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On Thursday, December 2, 2004, at 03:22 , And Rosta wrote:
[snip]
> Eh? There are a number of Present Day English versions (at least
> of the NT,

..and of the complete Bible. I well understand your "Eh?" I was taught of
the existence of modern translations when I was at school in the 1950s!

> though necessarily not the Book of Common Prayer,

That would be a bit like having a modern English version of Shakespeare.
But in fact the Church of England did want to revise the Book of Common
Prayer back in the 1920s, and a revised version was by Convocation in 1927
& 1928. However, as the Church is established in law it meant it could not
replace the older book without the approval of the British Parliament
which rejected it down. However, the 1928 revision, tho not replacing the
1662 book, was widely used in CofE churches back in the 1950s - I left it
in 1961. Since then I understand an 'Alternative Services Book' which
contains, so I understand, alternaive forms of services some being
revisions of the BCP and some entirely in modern English - but I do not
know the 'present state of play'.

> afaik
> -- these two being the source of the bestknown debts/traspesses versions)
> .

The source of both 'debts' and 'trespasses' is in fact the Greek NT. A
literal translation of Matthew 6:12 is:
"And forgive us our debts, as also we have forgiven our debtors"

After the prayer, in verses 14 & 15, Jesus is quoted as adding by way of
explanation:
"For if you forgive people their trespasses [parapto:mata], your heavenly
father will forgive you also; but if you do not forgive people, neither
will your heavenly father forgive your trespasses."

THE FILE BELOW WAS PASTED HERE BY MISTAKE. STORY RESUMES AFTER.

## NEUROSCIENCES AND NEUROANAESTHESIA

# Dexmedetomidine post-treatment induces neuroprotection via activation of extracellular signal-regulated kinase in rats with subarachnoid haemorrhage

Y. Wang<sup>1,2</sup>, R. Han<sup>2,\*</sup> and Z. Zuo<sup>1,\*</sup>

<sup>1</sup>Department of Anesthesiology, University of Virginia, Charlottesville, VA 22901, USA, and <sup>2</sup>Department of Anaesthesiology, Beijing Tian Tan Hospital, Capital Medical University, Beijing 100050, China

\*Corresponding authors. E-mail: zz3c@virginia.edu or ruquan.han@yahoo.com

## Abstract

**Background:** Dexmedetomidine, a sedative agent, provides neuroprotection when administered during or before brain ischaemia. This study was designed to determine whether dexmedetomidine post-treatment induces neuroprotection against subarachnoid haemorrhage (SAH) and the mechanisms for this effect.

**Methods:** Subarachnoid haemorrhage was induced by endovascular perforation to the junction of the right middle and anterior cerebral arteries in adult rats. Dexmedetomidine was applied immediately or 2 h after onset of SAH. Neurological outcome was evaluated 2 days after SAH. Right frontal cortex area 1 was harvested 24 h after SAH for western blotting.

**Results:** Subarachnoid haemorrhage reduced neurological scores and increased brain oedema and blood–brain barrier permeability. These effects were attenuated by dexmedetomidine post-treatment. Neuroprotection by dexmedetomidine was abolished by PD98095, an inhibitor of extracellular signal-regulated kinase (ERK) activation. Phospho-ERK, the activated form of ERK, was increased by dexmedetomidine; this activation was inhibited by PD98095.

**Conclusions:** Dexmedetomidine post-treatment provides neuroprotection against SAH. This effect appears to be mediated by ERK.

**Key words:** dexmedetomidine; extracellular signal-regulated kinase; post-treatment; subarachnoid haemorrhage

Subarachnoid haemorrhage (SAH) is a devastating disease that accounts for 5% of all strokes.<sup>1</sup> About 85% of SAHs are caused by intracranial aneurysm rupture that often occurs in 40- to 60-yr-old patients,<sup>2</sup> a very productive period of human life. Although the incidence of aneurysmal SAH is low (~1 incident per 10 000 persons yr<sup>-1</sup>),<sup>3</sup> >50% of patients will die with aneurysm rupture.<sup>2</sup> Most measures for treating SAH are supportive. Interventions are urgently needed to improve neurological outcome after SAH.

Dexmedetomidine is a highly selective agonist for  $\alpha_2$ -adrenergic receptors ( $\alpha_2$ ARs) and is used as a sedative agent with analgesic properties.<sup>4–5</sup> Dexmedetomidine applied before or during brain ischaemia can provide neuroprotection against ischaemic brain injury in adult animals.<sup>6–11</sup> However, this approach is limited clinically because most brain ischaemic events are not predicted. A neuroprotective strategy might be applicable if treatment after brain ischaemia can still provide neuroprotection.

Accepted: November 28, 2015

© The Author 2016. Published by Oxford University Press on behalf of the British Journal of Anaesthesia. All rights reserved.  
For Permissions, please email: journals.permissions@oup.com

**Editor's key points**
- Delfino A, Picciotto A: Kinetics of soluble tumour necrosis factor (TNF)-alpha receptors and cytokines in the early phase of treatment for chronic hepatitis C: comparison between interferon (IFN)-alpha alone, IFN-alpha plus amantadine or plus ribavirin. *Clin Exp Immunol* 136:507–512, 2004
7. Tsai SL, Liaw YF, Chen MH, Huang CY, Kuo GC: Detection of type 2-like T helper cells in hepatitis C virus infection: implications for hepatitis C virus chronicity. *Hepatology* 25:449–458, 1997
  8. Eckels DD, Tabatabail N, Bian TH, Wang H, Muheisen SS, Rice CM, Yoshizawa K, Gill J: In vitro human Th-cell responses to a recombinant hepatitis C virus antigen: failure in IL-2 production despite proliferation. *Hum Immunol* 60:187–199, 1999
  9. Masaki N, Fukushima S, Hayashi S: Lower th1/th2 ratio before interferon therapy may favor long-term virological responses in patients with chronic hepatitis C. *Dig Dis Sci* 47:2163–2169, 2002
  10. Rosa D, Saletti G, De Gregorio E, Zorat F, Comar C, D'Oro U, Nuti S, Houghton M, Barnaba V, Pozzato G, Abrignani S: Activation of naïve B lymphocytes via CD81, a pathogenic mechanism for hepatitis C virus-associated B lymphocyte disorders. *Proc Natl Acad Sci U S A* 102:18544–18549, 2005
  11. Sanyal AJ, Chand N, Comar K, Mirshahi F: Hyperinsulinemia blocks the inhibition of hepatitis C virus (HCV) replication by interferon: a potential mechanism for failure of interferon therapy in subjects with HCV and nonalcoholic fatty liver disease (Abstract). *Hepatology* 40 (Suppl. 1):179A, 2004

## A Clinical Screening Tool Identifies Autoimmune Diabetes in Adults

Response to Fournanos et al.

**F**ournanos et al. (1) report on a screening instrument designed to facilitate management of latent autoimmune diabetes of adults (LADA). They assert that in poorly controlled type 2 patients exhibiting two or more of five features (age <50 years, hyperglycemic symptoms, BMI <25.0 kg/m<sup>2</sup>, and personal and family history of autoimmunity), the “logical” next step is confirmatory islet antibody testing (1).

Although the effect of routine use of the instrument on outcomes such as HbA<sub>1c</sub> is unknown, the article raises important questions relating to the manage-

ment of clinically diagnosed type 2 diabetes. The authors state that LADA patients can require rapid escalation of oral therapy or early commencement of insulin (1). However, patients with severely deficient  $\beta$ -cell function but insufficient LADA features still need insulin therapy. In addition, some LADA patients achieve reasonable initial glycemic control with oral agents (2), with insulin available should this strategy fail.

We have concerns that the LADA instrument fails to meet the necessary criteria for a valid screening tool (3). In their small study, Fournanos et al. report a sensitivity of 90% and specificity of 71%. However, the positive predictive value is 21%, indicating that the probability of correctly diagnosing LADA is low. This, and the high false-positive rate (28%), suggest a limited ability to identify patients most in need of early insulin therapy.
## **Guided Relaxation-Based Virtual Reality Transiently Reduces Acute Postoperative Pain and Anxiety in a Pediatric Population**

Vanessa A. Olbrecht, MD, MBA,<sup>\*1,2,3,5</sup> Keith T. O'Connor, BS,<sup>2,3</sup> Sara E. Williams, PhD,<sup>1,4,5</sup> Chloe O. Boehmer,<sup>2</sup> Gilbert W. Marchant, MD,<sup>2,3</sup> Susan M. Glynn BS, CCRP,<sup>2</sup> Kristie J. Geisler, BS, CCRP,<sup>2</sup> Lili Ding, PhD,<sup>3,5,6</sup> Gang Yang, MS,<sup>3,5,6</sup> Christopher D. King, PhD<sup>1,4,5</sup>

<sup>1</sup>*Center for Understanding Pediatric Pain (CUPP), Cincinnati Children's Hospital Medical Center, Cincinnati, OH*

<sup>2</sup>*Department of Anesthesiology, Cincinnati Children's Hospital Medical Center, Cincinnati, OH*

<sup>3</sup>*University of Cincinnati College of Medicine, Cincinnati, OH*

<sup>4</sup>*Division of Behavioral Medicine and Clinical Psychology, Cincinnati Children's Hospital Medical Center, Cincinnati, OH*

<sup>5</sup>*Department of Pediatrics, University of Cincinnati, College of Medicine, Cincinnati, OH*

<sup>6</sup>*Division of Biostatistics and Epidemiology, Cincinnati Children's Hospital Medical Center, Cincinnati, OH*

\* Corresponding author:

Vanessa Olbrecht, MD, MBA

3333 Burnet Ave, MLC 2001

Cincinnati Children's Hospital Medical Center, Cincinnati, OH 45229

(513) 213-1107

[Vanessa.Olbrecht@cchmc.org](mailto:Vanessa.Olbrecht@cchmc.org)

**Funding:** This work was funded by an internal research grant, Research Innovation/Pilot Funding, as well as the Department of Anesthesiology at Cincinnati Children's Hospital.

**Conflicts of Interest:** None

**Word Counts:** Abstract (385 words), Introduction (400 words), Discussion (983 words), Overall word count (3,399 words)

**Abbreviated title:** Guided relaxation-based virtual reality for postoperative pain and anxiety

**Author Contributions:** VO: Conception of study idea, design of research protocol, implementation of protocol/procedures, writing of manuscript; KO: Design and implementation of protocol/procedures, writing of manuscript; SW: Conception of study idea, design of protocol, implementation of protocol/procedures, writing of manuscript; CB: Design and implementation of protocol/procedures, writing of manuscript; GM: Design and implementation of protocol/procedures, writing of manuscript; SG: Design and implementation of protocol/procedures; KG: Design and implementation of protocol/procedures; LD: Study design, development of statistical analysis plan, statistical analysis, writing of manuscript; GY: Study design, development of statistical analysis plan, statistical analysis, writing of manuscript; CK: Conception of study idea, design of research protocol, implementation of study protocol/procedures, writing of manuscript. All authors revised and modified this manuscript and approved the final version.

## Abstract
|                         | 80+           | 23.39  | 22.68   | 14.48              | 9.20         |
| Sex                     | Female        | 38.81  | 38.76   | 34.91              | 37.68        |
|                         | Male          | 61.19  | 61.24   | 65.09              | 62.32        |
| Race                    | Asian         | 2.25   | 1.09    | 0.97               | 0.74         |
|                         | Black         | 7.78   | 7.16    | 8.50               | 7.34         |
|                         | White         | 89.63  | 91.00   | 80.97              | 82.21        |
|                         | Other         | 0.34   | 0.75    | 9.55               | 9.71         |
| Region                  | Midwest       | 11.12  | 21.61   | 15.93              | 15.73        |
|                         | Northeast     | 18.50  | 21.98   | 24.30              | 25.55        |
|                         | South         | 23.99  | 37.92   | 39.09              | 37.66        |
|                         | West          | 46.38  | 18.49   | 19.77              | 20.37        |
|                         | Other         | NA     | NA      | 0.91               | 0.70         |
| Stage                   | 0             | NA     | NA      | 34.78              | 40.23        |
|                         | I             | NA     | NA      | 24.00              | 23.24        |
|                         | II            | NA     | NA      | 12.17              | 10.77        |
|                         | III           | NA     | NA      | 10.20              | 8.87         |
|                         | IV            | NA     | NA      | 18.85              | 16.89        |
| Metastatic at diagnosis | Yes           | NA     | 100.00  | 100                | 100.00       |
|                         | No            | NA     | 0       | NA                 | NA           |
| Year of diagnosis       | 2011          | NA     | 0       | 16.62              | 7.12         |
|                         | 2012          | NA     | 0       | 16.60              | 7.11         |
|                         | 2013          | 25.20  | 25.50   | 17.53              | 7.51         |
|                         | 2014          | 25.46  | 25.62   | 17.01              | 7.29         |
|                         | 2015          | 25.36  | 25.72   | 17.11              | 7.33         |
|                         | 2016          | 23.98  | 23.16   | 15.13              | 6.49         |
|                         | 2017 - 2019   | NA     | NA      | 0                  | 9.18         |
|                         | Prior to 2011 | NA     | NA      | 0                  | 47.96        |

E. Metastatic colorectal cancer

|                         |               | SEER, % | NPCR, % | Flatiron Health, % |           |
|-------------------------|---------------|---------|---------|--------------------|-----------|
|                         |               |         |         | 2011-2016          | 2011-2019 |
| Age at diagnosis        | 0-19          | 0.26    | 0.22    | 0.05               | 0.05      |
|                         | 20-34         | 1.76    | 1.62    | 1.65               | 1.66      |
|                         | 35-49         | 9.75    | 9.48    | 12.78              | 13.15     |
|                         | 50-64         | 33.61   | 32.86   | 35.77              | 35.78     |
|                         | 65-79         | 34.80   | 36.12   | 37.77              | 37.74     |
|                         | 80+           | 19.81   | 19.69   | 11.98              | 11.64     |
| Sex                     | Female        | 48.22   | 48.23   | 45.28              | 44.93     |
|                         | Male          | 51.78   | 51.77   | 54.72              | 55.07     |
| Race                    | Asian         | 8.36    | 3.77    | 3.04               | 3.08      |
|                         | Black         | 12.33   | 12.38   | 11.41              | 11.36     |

For that reason, when the prayer is excerpted from the passage for
liturgical use, the "trespasses" from the explanatory bit afterwards, has
been substituted for 'debts' to make it more meaningful. But this
tradition in English must be older the Book of Common Prayer as it was and
still is traditional in Catholic use which was quite independent of the
PCP.

A modern translation, if it is a translation and not a paraphrase, must
leave 'debts' in Matt. 6:12 - after all debts are probably even more a
feature of modern life than they were of the 1st cent CE when the Matthew
was written!

But a modern translation might chose something else than 'trespasses' -
tho the concept of trespassing is hardly an unknown one. The Greek
_parapto:mata_ is the plural of _parapto:ma_ "a straying from the path"

_pto:ma_ is a neuter noun derived from the stem -pt- (ablaut grades
-pet- ~ -pot-) "fall". The verb "to fall" is _pi-pt-ein_. The noun
_pto:ma_ could literally mean "a fall" but could also mean "ruin",
"calamity", "misfortune".

_para-_ as a prefix meant either "alongside of" (cf. parallel) or "to the
side of"

  So:
_parapto:ma_ was a "falling to the side", it denote a straying from the
path (quite literally), hence trespassing; it could also mean an error or
a blunder in a more general sense.

The modern version I have in front of me (The Jerusalem Bible) translates
it thus:
"Yes, if you forgive others their failings, your heavenly Father will
forgive you yours; but if you do not forgive others, your Father will not
forgive your failings either."

Returning from the NT to the liturgical use of the Pater Noster - about 30
years back IIRC a common form in modern English was agreed between all the
main Christian churches in the UK and it was intended that this would
replace the traditional 'outdated' wording. It has not happened and the
reasons seems to have been congregations generally (I imagine there were
exceptions) simply did not want to change. It reminds me a bit of the
early days of Esperanto when Zamenhof proposed several changes, but the
rank & file Esperantists did not want the language changed. People simply
get used to things  :)

> Presumably some [Present Day English versions] are available online too.

You presume correctly    :)

Ray
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Anything is possible in the fabulous Celtic twilight,
which is not so much a twilight of the gods
as of the reason."      [JRRT, "English and Welsh" ]